China was one of few countries that managed a reasonable economic recovery during the Covid-19 pandemic that began last year. However, China’s workers are yet to see their share, and, for many, wage levels and working conditions have deteriorated.
China’s rural migrant workers, who make up more than one-third of the workforce, were hit the hardest. Migrant worker population growth has been slowing over the last decade, but 2020 marked the first time numbers actually decreased. The total migrant worker population fell by more than five million last year to 285.6 million, according to the National Bureau of Statistics (NBS).
The average wage for migrant workers in China last year was just 4,072 yuan per month (US $630), a 2.8 percent increase, compared with 6.5 percent in 2019, the NBS reported. And even this modest increase was wiped out by price rises, with the headline inflation rate last year standing at 2.5 percent. Wage stagnation was further reflected in the decline in per capita consumer expenditure, which for China as a whole decreased by 4.0 percent last year, after taking inflation into account.
The NBS claimed that 11.9 million new jobs had been created in urban areas last year. The new jobs available to migrant workers, however, tended to be low-paid and precarious employment in the service sector. For example, in the first half of the year, there was an influx of an estimated half a million workers - many laid off from factories - into the food delivery industry.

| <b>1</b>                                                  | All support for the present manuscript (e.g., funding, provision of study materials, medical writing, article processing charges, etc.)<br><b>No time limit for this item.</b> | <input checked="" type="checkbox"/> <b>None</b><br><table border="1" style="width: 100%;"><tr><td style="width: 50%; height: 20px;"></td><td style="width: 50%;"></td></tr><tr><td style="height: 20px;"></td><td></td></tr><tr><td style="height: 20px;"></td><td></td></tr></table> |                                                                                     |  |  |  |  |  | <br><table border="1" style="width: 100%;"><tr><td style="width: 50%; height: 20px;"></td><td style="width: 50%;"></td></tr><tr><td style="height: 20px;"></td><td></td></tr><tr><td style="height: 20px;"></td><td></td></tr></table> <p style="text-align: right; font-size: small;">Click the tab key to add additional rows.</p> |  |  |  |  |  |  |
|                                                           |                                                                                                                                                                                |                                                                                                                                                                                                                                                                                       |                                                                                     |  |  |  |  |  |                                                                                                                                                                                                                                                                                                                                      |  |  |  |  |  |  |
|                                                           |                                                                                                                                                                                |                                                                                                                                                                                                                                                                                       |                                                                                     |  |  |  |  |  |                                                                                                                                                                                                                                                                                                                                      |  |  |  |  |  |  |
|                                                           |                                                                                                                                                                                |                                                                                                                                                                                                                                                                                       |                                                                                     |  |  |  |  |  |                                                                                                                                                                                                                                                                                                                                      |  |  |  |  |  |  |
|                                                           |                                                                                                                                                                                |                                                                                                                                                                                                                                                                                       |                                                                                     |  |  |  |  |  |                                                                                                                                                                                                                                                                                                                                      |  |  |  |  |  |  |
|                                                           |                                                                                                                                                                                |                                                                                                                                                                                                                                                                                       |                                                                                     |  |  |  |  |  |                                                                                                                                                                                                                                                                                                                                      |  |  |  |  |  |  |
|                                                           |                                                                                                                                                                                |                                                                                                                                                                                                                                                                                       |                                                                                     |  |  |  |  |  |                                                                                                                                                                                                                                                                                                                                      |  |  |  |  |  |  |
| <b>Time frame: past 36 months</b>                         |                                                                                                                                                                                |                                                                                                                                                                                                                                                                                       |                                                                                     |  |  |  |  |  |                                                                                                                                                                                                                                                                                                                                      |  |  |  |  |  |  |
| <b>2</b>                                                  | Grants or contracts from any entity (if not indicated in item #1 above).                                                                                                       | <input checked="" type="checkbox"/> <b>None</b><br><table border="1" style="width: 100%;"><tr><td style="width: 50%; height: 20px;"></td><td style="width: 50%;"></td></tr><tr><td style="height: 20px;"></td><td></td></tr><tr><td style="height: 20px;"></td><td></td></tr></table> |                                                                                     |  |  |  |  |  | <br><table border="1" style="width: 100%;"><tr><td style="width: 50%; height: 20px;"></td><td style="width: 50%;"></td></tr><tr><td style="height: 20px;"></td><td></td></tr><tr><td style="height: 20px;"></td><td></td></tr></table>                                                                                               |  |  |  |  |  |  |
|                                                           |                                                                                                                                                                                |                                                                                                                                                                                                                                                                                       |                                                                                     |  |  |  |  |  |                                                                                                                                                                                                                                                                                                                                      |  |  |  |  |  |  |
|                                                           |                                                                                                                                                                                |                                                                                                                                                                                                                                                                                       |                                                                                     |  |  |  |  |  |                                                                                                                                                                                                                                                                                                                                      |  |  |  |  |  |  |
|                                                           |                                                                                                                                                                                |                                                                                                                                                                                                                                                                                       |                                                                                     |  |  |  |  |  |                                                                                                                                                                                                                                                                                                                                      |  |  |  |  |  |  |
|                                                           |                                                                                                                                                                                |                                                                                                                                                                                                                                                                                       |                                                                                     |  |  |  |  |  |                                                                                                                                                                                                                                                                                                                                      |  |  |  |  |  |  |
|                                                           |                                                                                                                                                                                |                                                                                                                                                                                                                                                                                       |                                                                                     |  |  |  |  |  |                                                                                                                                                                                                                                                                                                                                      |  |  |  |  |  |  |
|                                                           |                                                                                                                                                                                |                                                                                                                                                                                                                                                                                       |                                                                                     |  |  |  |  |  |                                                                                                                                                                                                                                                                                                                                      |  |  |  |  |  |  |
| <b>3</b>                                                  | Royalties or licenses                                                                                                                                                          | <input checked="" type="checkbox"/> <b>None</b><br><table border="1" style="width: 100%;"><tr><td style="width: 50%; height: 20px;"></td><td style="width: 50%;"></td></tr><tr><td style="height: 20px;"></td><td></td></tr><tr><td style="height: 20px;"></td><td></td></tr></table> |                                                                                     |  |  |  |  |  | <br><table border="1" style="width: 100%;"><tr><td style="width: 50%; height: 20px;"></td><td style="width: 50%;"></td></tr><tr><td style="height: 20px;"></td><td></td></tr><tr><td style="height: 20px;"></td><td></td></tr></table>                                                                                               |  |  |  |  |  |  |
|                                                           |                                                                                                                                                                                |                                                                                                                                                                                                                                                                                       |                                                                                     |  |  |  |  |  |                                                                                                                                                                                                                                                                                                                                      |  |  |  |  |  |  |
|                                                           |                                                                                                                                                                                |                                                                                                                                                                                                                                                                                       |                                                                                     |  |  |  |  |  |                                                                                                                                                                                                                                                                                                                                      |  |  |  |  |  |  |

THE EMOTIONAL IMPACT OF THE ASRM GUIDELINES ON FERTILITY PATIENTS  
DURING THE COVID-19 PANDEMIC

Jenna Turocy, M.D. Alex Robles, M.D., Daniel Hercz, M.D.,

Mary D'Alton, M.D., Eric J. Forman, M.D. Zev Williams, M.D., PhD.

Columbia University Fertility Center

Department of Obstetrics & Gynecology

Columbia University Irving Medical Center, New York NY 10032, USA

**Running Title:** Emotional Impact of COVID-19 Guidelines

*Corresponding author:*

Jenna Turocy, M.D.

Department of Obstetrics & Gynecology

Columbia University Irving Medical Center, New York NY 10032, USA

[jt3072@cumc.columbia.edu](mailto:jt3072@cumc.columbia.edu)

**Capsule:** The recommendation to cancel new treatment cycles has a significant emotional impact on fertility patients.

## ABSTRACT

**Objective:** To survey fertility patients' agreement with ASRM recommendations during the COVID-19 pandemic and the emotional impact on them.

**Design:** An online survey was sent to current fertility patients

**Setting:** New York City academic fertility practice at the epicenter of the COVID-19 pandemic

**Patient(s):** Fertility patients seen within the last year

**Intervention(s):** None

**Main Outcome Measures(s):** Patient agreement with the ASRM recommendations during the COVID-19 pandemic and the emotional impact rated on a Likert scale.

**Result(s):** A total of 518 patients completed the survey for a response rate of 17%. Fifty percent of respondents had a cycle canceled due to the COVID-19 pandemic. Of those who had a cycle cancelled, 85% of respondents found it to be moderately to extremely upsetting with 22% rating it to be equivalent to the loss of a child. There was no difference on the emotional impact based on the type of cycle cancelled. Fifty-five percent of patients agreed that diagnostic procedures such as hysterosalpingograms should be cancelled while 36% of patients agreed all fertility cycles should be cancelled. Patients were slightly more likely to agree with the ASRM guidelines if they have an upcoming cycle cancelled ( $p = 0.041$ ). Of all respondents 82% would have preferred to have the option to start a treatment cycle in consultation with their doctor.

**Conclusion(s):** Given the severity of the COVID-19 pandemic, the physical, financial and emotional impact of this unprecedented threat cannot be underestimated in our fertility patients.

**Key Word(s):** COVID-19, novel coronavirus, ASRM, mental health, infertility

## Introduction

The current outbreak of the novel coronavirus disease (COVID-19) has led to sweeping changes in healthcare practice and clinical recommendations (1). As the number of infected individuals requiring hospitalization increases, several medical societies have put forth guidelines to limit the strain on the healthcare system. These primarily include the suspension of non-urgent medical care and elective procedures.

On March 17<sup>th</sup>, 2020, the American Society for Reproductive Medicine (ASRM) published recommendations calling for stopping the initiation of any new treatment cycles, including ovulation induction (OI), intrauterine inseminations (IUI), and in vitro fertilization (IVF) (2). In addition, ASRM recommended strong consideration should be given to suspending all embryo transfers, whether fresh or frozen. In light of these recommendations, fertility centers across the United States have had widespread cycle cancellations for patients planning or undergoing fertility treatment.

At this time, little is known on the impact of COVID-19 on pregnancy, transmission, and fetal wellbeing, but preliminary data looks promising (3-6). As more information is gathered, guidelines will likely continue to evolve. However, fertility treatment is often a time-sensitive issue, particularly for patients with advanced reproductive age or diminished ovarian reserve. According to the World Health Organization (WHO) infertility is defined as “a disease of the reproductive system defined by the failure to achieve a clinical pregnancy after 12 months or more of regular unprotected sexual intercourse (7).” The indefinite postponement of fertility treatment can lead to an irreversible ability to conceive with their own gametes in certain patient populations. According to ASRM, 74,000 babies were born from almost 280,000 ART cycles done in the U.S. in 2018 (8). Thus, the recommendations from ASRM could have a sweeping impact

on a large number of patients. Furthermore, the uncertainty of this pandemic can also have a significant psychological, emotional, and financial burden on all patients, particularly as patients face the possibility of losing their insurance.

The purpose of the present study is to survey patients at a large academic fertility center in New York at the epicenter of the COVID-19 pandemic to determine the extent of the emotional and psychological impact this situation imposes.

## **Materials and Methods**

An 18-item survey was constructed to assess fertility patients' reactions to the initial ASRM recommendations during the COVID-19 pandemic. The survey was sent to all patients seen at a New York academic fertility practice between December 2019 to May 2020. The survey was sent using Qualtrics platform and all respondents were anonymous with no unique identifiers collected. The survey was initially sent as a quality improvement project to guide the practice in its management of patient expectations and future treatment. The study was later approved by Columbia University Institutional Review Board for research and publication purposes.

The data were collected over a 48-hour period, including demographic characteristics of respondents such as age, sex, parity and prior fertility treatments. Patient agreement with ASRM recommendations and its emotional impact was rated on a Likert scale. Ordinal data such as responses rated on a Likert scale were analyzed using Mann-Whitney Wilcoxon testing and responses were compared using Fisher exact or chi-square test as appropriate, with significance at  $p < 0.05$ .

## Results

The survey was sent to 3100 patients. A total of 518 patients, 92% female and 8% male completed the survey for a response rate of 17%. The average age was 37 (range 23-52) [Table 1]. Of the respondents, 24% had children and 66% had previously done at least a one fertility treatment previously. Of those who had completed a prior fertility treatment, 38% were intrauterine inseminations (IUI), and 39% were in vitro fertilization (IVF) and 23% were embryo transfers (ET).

Despite lower pay and precarious employment, the number of worker protests in China dropped. China Labour Bulletin’s Strike Map recorded just 800 collective protests by workers in 2020, compared with 1,385 incidents in 2019 and 1,706 in 2018.
Instead of staging collective protests that risk infection from Covid-19 or repression by the authorities, many workers made appeals directly on social media to air their grievances. These appeals, which are now collected on CLB’s new Workers’ Calls-for-Help Map, show that many workers faced even greater difficulties last year and that long-standing grievances remained unresolved.
Like the Strike Map, the Workers’ Calls-for-Help Map has been dominated by workers’ demands for payment of wages in arrears, a problem that will undoubtedly intensify in the runup to the Lunar New Year Holiday in mid-February when migrant workers traditionally demand long-overdue wage payments.
The government has announced countless legislative and administrative initiatives over the last two decades in an attempt to tackle wage arrears, but the problem has stubbornly persisted This was tragically highlighted on 11 January this year when Liu Jin, a food-delivery worker in the eastern city of Taizhou, set himself alight in a protest over wages he said were owed by his employer Ele.me. As noted by The Economist, the incident illustrates the serious and wide-ranging problems confronting China’s official trade union, which has vowed to improve conditions for workers in the gig economy.